Those who knew Sharon Gray loved her compassion, infectious laugh and determination to make the world a better place.
The death of Gray, 31, a researcher who was killed this week in an apparent rock attack by protesters in Ethiopia, shook family, friends and mentors who remembered her as a humanitarian, even during her high school days in suburban Chicago.
"If there was some kind of humanitarian effort under way, whether it was a food drive or a clothing drive, Sharon was either organizing it or she was participating in it," said Mick Torres, who was an assistant principal at Antioch Community High School when Gray graduated in 2003. "This was a woman who was just beginning to make her mark in this world, and she would have done some amazing things."
Gray was especially gifted in the sciences and planned to use that knowledge to better society, said Torres, a Gray family friend who now works as an administrator at neighboring Community High School District 128 in Vernon Hills.
"She was going to feed the world," he said. "She was going to save the planet. If anybody had a vision and a plan for making that happen, that was her. She was just an inspiration to everybody."
Jim McKay taught Gray in his honors physics class at Antioch High.
"She was one of those students that kept me on my toes, and I thoroughly enjoyed that," said McKay, now superintendent of Community High School District 117, which includes Antioch High. "She demonstrated a skill set that not everybody demonstrates, and threaded through that was this kind, very, very happy, full person."
Gray's talents reached beyond the classroom, McKay said. She was a standout on the stage, playing the lead in several theater productions, he said. She also participated in gymnastics, field hockey, track and basketball, her family said.
Gray, who grew up in Lindenhurst, was the fifth of six children, all of whom were extremely close, said her sister Ruth Gray Wilke.
"Her brilliance, her beauty, her sweetness and her sense of humor is not exaggerated," Wilke said via Facebook Messenger. "She was positive, encouraging, inspiring and outstanding in every aspect of her life."
Wilke called her sister her best friend, and Gray was also godmother to Wilke's two sons.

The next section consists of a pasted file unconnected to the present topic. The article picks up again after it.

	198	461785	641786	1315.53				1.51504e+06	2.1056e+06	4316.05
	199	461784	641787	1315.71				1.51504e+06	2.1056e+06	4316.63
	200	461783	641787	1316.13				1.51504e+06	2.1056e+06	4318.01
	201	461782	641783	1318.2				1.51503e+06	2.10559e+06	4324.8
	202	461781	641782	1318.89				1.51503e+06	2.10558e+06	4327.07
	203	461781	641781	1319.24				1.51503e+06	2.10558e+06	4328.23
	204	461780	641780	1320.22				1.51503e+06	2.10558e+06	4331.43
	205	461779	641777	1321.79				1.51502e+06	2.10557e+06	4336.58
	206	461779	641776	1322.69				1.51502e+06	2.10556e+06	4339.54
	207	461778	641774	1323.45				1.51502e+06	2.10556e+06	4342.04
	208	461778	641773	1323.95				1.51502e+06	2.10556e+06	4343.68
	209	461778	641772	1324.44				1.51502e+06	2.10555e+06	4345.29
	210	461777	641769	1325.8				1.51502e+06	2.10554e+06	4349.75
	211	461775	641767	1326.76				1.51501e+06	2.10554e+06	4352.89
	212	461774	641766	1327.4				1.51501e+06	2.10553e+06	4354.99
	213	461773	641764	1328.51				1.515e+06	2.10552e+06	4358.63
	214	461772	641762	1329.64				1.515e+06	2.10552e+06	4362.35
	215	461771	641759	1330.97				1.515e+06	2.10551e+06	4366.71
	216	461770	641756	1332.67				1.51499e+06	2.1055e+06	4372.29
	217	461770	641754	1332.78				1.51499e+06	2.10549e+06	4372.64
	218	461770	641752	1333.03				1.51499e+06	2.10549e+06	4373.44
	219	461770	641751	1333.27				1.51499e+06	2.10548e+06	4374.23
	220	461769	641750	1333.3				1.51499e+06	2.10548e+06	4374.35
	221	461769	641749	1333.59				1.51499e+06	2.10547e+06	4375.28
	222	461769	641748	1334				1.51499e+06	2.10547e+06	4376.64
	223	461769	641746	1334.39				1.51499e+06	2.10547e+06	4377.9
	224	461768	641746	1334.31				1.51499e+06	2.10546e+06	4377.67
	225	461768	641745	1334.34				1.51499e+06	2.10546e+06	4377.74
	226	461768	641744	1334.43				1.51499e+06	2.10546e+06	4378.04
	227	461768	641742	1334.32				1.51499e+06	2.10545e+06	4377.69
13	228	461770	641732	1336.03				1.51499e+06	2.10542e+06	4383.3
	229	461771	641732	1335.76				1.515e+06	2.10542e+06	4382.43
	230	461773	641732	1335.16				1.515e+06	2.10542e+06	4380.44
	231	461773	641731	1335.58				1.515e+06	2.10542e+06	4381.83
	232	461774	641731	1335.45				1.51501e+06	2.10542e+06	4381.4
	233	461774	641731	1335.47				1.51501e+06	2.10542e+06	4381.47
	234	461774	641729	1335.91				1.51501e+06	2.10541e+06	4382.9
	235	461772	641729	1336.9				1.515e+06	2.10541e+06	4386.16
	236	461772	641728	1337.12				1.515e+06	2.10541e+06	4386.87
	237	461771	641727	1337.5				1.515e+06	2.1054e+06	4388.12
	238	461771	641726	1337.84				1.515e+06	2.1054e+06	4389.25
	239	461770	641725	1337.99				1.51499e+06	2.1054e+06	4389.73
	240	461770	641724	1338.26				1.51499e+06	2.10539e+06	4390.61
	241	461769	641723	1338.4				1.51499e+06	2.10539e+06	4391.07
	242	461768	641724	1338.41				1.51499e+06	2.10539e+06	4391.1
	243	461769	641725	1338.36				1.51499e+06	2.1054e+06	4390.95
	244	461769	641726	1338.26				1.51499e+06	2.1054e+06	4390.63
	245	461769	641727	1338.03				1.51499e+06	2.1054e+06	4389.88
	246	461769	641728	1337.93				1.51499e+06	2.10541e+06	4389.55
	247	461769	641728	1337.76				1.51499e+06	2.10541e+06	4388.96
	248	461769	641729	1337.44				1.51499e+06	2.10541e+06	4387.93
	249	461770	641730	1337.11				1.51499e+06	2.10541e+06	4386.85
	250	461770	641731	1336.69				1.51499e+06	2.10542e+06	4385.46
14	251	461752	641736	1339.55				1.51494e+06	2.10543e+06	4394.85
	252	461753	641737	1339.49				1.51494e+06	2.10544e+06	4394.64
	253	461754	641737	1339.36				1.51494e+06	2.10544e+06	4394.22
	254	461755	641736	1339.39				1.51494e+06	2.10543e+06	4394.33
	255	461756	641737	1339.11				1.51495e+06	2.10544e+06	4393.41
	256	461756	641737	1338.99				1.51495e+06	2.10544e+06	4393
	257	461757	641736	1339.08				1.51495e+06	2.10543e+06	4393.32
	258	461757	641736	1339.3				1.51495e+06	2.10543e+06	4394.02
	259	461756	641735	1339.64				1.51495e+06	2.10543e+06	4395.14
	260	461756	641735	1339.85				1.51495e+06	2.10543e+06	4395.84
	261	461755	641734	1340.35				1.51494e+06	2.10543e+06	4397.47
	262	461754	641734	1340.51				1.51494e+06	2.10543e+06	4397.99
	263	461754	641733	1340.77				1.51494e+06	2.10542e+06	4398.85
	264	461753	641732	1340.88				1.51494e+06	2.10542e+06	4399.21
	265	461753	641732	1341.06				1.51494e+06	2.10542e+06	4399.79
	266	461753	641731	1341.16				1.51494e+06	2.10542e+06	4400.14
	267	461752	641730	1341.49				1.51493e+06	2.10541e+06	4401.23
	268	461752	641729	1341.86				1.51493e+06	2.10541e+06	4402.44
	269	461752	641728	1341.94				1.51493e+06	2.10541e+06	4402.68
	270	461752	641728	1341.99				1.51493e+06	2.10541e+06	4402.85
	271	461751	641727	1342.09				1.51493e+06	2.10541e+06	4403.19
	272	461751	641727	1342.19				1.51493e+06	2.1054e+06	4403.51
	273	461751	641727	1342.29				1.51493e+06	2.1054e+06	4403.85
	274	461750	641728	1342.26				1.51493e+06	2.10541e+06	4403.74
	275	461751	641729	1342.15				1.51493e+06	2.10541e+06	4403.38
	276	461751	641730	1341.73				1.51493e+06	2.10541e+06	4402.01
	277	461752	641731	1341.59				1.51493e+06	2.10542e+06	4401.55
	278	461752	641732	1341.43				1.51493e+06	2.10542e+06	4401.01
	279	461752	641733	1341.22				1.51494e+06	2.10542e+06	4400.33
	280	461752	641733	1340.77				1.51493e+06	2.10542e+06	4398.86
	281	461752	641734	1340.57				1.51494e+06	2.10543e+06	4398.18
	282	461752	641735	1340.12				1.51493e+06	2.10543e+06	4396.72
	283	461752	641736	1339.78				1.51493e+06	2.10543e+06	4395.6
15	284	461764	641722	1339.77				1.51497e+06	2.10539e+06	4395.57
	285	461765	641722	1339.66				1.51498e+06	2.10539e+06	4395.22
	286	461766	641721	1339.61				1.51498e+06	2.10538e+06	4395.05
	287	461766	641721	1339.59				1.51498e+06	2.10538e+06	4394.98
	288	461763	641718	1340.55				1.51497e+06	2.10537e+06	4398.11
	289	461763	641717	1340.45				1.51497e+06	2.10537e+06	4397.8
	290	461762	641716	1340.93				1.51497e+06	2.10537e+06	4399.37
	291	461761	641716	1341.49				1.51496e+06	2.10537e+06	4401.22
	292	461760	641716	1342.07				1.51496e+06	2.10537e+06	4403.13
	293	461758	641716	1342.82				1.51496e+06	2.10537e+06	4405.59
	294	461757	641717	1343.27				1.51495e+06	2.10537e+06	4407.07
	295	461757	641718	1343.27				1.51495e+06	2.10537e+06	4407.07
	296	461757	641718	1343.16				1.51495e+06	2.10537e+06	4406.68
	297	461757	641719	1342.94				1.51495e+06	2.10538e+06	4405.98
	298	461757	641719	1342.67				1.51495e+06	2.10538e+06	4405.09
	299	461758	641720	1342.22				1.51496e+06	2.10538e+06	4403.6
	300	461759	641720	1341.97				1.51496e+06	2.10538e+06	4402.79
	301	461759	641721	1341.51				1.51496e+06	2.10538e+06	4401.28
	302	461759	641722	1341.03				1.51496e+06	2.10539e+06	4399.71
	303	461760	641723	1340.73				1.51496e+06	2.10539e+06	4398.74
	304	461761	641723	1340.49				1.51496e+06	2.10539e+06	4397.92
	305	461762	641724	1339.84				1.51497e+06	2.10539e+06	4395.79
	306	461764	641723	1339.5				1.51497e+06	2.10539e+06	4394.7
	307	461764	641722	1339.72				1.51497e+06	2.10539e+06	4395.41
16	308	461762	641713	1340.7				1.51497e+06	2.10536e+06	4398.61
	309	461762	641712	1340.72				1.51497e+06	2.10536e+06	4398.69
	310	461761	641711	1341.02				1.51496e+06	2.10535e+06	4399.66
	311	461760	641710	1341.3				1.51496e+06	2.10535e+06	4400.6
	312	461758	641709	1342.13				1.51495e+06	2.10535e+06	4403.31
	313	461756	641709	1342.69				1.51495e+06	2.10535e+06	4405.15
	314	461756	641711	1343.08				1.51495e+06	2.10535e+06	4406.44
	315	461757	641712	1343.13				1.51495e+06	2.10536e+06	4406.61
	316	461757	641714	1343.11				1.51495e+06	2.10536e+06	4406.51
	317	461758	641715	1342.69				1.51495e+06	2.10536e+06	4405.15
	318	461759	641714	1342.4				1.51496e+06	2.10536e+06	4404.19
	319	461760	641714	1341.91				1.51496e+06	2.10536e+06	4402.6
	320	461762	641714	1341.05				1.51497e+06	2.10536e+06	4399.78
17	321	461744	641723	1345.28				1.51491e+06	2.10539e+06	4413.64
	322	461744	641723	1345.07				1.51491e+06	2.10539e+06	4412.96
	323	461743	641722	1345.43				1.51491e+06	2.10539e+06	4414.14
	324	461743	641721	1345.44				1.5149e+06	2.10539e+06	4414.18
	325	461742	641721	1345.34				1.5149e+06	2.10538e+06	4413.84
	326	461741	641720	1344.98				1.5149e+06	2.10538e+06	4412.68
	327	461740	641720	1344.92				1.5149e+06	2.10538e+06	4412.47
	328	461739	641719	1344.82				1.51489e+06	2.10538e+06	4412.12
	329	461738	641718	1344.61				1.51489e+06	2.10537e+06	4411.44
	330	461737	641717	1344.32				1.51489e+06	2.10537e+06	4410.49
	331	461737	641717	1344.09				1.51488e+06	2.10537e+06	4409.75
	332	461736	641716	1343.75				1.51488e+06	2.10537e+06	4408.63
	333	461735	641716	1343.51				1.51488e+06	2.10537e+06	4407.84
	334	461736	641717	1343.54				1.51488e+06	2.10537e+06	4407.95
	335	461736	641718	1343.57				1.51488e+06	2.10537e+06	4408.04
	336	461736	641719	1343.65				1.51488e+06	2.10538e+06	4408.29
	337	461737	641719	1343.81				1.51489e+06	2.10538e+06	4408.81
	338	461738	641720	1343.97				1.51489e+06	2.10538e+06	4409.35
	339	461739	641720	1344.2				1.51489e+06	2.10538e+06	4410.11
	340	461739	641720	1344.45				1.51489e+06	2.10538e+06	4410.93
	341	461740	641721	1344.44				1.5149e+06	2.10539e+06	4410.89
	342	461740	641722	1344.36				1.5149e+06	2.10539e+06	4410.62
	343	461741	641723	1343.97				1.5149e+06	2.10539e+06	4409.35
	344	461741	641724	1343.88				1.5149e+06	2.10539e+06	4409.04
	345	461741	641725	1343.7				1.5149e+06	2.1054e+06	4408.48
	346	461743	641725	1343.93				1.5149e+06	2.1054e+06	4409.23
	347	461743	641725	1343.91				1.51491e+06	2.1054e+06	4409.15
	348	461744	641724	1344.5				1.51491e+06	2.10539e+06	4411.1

In a public tribute on Facebook, Wilke wrote that Gray was "a bright light in a sometimes bleak world. My sister was laughter. She was love. She loved completely and without reserve. My sister lived every moment of her life. She took joy in every small happiness she could find."
Liz Whitehurst, who went to high school with Gray and worked with her on the school's literary magazine, remembers Gray's laugh vividly.
"She had a fantastic laugh," Whitehurst said.
After high school, Gray went on to become a leader in the study of the effect of climate change on plants, said Savithramma Dinesh-Kumar, chairman of Gray's plant biology department at the University of California-Davis.
"She's really an always-smiling slip of sunshine. She's a smart, energetic scientist," Dinesh-Kumar said. "She had a very bright future ahead of her. And everyone knew she was going to be the star in the plant biology research area."
Gray, a postdoctoral researcher, was in the East African country for a meeting to kick off a research project when she was killed Tuesday. She was traveling in a car in the outskirts of the capital, Addis Ababa, an area that has seen months of deadly protests.
In a statement, the family said they have been "so lucky to have shared part of our lives with her."
"Sharon was a passionate scientist, friend, spouse, sister, daughter, aunt, godmother and a colleague," the statement said. "We are picking each other up and growing together in her absence."
The family has started a fundraising webpage aimed at mentoring young women in science in her name.
Gray was the first foreigner killed in the massive anti-government protests that have claimed the lives of hundreds of protesters since November 2015. At least 55 were killed in a stampede last weekend when police tried to disrupt a demonstration amid a massive religious festival, which has been followed by clashes between security forces and protesters.
The circumstances of the attack that killed Gray are still unclear, Dinesh-Kumar said. Another U. of C.-Davis professor who was in Ethiopia was shaken but not hurt and is returning home, he said.
The U.S. Embassy on Wednesday attributed the death to head injuries from a rock thrown by "unknown individuals."
Gray earned her doctorate at the University of Illinois-Urbana-Champaign, in 2013 before moving to U. of C.-Davis with her husband, who is also a postdoctoral researcher. She was recently awarded a three-year National Science Foundation grant to study how growing levels of carbon dioxide affect plants.
She traveled to Ethiopia for her first meeting to discuss a separate research project she planned to conduct with the Netherlands Institute of Ecology and charitable organizations.
The U.S. State Department is assisting Gray's family, said U. of C.-Davis Interim Provost Ken Burtis and Mark Winey, dean of the College of Biological Sciences, in a message to the campus community.
"On behalf of the entire U.C.-Davis campus, our hearts and condolences go out to Sharon's husband and extended family," they wrote. "Even in tragedy, we hope that we all can find some comfort in the wonderful work Sharon was engaged in that will better the lives of so many around the world."
The Associated Press contributed.